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What are the Differences & Benefits of each?

Whether you are just starting a business or thinking of changing your business structure, a common first step is comparing the LLC vs. the S-Corp. While a limited liability company and an S-corps share some characteristics, they also have distinct differences.

Each new business owner needs to be familiar with each before deciding which entity is right for you.


What are the similarities of LLCs and S-Corps?

Limited Liability Protection. The owners of LLCs and S-Corps are not personally responsible for business debts and liabilities. Instead, the LLC or the S-Corp, are the owner of the business, is responsible for its debts and liabilities.

Separate entities. Both are separate legal entities created by a state filing. However, they are formed under and governed by very different state business entity statutes

Pass-through taxation. Both are pass-through tax entities. (Although an LLC can choose not to be taxed as pass-through if the owners so choose). With pass-through taxation, no income taxes are paid at the business level. Business profit or loss is passed through to the owners’ personal tax returns. Any necessary tax is reported and paid at the individual level.

Ongoing state compliance requirements. The LLC and S-Corp are both subject to certain obligations imposed by the state corporation and LLC

statutes, such as having to appoint and maintain: a registered agent, filing annual reports and paying annual fees, notifying the state of certain changes such as a change of name, registered agent or entity type and having to qualify to do business in states outside of the formation state.


What are the Differences in ownership and formalities of an LLC vs a S-Corp?

Ownership. The IRS rules restrict S-Corp ownership. Limited Liability Company’s do not. The S-Corp comes with IRS restrictions that include but are not limited to the following:

  • LLCs can have an unlimited number of members; an S-Corp can have no more than 100 shareholders (owners).
  • Non-U.S. citizens/residents can be members of LLCs; an S-Corp may not have non-U.S. citizens/residents as shareholders.
  • S-Corps cannot be owned by corporations, LLCs, partnerships, or many trusts. This is not the case for LLCs.
  • LLCs are allowed to have subsidiaries without restriction.
  • S-Corps cannot issue classes of stock with different financial rights such as giving some shareholders a preference to distributions over other shareholders.
  • LLCs can issue classes of stock with different financial rights such as giving some shareholders a preference to distributions over other shareholders.


Are their Ongoing Formalities regarding either Business Formation?

Corporation laws have more mandatory requirements regarding how S-Corps are to be managed than LLC laws. Therefore, S-Corps face more extensive internal formalities. While LLCs are not required.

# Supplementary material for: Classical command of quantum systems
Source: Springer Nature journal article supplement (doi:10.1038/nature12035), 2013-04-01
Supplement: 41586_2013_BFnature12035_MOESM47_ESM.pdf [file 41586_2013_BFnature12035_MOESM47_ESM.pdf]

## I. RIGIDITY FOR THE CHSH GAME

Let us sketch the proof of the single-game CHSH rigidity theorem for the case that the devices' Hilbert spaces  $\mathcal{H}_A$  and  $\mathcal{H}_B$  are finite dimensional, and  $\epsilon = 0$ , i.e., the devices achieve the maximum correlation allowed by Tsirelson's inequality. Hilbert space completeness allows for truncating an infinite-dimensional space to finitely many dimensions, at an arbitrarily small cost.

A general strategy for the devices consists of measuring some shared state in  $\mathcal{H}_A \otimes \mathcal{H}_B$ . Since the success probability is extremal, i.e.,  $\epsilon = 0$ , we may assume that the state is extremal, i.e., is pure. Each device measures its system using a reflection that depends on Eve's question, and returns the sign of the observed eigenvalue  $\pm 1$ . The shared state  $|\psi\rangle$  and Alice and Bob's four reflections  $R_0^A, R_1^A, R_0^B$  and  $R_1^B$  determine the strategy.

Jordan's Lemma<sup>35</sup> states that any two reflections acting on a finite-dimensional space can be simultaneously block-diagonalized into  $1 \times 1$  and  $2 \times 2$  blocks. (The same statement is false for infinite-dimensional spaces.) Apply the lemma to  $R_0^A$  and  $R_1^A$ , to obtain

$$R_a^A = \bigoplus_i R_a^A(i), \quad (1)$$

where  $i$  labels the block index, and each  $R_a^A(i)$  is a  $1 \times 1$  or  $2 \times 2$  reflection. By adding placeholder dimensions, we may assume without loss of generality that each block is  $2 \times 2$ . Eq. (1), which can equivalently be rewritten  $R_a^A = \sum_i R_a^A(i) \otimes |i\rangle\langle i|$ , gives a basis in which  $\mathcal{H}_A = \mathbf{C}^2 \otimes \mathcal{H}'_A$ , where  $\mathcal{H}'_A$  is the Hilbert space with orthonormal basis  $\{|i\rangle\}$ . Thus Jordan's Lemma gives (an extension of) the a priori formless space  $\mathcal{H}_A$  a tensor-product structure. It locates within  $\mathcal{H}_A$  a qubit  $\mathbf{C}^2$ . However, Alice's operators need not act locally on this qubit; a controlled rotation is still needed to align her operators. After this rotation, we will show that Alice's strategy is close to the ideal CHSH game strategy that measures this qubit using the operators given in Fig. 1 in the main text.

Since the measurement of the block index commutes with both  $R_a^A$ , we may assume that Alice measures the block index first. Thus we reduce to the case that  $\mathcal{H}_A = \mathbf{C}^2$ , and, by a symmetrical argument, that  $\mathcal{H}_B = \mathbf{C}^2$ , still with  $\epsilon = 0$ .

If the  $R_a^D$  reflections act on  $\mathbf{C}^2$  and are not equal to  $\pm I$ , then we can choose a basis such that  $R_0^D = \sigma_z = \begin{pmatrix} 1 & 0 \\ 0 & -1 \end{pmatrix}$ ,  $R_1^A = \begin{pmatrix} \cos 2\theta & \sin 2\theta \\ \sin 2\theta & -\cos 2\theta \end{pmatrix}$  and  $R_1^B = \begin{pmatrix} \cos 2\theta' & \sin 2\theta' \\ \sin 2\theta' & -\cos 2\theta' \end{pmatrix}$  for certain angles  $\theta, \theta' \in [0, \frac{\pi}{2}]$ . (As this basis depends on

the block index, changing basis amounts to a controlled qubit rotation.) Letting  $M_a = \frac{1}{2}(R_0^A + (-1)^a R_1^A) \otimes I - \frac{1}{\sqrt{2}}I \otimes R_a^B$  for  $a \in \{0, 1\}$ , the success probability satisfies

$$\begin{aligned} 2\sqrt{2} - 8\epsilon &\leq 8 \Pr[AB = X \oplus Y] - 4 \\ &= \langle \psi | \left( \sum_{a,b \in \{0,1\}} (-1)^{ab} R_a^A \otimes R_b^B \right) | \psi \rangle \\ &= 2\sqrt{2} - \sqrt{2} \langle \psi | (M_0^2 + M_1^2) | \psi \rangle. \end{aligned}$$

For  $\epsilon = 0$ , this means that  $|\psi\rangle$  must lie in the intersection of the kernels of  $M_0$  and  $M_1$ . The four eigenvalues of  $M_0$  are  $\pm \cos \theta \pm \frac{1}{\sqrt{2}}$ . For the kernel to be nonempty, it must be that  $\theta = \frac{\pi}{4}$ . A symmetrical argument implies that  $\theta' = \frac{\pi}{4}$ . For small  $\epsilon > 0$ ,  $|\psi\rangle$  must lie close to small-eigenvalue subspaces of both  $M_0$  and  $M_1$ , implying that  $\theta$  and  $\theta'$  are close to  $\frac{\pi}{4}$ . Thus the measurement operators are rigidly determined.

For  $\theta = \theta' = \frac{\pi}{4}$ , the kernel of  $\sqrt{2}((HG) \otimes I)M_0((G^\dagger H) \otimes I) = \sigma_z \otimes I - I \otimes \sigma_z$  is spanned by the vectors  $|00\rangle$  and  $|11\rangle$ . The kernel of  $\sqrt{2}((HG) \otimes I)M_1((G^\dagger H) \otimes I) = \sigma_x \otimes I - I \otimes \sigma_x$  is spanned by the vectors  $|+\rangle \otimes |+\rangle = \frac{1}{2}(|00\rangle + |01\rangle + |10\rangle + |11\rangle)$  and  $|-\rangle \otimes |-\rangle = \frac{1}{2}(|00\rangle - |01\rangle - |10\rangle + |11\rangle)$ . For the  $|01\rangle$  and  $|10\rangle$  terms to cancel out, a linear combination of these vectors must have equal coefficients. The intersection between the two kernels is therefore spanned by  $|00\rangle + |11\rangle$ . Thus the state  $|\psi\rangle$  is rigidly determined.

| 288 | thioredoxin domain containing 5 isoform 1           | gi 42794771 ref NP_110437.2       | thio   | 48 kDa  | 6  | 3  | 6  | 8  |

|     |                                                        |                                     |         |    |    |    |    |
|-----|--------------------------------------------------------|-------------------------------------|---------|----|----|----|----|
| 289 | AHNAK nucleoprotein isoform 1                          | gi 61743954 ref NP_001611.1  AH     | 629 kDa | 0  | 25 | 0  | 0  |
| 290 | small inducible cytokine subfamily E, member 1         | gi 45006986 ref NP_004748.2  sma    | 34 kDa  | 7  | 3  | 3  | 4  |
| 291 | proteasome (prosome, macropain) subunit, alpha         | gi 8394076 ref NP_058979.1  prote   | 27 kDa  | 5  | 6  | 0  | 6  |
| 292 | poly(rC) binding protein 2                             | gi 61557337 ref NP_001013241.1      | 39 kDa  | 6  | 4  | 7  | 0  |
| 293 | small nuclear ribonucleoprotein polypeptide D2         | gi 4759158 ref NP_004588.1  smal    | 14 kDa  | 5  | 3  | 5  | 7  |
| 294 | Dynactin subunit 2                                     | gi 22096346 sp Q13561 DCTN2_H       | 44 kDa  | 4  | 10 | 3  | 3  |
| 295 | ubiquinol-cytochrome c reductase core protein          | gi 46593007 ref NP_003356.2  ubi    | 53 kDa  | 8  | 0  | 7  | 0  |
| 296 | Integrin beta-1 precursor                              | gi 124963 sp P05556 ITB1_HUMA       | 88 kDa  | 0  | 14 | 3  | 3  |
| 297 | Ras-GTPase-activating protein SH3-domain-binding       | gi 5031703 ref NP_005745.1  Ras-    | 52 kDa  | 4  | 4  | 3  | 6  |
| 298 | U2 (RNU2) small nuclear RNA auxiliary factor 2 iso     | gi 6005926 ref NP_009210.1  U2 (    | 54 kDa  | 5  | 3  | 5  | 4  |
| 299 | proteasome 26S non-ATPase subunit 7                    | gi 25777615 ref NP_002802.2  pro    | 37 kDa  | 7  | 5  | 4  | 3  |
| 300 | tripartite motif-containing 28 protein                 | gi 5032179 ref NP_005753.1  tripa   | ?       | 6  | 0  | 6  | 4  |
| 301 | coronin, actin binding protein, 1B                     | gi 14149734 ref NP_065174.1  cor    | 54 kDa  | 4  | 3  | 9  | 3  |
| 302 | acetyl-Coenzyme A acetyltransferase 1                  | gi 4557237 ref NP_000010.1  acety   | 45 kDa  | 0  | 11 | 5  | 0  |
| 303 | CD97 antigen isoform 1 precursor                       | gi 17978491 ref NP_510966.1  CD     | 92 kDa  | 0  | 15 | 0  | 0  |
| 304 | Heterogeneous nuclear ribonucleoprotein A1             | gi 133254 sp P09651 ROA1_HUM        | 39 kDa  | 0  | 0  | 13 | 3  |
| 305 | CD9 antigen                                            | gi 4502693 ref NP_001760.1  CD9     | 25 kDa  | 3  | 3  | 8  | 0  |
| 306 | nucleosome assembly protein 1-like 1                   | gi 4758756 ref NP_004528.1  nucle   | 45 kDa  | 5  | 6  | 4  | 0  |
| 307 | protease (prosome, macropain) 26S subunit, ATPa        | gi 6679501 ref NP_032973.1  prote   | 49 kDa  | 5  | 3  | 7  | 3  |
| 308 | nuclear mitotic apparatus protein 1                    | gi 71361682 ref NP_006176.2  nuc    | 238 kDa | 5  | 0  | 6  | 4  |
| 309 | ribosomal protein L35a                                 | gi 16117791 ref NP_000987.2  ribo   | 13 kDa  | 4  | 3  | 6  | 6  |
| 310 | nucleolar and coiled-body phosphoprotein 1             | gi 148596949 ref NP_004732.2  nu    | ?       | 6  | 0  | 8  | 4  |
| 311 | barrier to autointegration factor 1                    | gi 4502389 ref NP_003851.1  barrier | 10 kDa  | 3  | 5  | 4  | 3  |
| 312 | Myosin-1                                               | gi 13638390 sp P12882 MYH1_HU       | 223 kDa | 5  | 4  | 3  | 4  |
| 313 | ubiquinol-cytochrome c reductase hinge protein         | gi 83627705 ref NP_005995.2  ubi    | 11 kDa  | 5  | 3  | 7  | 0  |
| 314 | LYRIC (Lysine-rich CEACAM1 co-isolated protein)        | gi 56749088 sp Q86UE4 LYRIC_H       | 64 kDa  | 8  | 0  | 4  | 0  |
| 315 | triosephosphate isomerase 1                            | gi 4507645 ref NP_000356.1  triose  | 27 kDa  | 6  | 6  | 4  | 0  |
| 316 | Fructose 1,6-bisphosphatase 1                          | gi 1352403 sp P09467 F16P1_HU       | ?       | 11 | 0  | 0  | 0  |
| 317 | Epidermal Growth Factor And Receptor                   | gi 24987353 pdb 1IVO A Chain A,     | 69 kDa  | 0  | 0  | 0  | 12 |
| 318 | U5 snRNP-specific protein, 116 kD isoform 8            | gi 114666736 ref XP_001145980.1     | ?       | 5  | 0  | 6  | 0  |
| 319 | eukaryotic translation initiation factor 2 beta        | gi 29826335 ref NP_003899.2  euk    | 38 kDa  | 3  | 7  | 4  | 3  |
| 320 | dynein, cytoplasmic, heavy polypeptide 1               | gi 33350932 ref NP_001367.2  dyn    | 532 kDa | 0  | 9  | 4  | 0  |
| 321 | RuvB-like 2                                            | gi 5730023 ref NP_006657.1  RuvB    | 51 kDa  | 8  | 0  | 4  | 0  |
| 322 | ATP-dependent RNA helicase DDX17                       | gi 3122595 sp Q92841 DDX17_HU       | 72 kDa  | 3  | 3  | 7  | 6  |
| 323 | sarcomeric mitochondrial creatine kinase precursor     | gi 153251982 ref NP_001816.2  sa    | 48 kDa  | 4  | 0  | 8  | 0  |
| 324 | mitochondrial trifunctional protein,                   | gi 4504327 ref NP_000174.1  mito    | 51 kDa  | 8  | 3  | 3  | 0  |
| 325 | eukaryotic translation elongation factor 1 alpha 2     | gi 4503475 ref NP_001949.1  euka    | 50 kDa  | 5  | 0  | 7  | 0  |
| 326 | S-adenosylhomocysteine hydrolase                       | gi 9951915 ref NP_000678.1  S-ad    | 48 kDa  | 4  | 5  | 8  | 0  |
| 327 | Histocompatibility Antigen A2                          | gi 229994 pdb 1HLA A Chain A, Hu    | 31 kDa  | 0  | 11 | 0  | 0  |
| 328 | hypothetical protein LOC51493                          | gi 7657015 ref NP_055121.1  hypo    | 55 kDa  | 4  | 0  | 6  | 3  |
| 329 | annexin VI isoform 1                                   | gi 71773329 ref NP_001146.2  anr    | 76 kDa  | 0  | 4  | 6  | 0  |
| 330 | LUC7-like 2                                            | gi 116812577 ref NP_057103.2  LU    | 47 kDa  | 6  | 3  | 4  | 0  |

What are the Required formalities for S-Corporations?

An S-Corp must adopt bylaws, issuing stock, holding initial and annual director and shareholder meetings, and keeping meeting minutes with corporate records.


What are the Recommended formalities for LLCs?

It is recommended that all LLCs adopt an operating agreement, issue membership shares, hold and document annual member meetings (and manager meetings, if the LLC is manager-managed), and documenting all major company decisions.


Are there Different Management Styles regarding Management of Either an LLC or an S-Corp?

Owners of an LLC can choose to have members (owners), or managers manage the LLC. When members manage an LLC, the LLC is much like a partnership (or a sole proprietorship if there is only one member). If run by managers, the LLC more closely resembles a corporation as members will not be involved in the daily business decisions.

S-Corps have directors and officers. The board of directors oversees-Corporate affairs and handles major decisions but not daily operations. Instead, directors elect officers who manage daily business affairs. Shareholders do not manage the business and affairs.


Are there Any Other Differences Between LLCs and S-Corps?

Other differences between S-Corps and LLCs include:

Transferability of ownership. S-Corp stock is freely transferable, as long as IRS ownership restrictions are met. An LLC membership interest (ownership) typically is not freely transferable approval from other members is often required. (Although the members may provide otherwise in their operating agreement if they wish.)

Self-employment taxes. S-Corps may have preferable self-employment taxes compared to the LLC because the owner can be treated as an employee and paid a reasonable salary. FICA taxes are withheld and paid on that amount. Corporate earnings after payment of the salary may be able to be treated as unearned income that is not subject to self-employment taxes.

Allocation of profits and losses. S-Corp shareholders receive their profits and losses based on their percentage of ownership (e.g., a 50% shareholder receives 50% of the profits and losses). LLCs can allocate profits and losses on almost any basis they want (e.g., a member with a 50% ownership interest could be entitled to 90% of the profits and losses).

It is important to understand the differences between business structures when forming a new business venture. We suggest that any new business should consult with an Attorney and a CPA to determine what structure is best for you.

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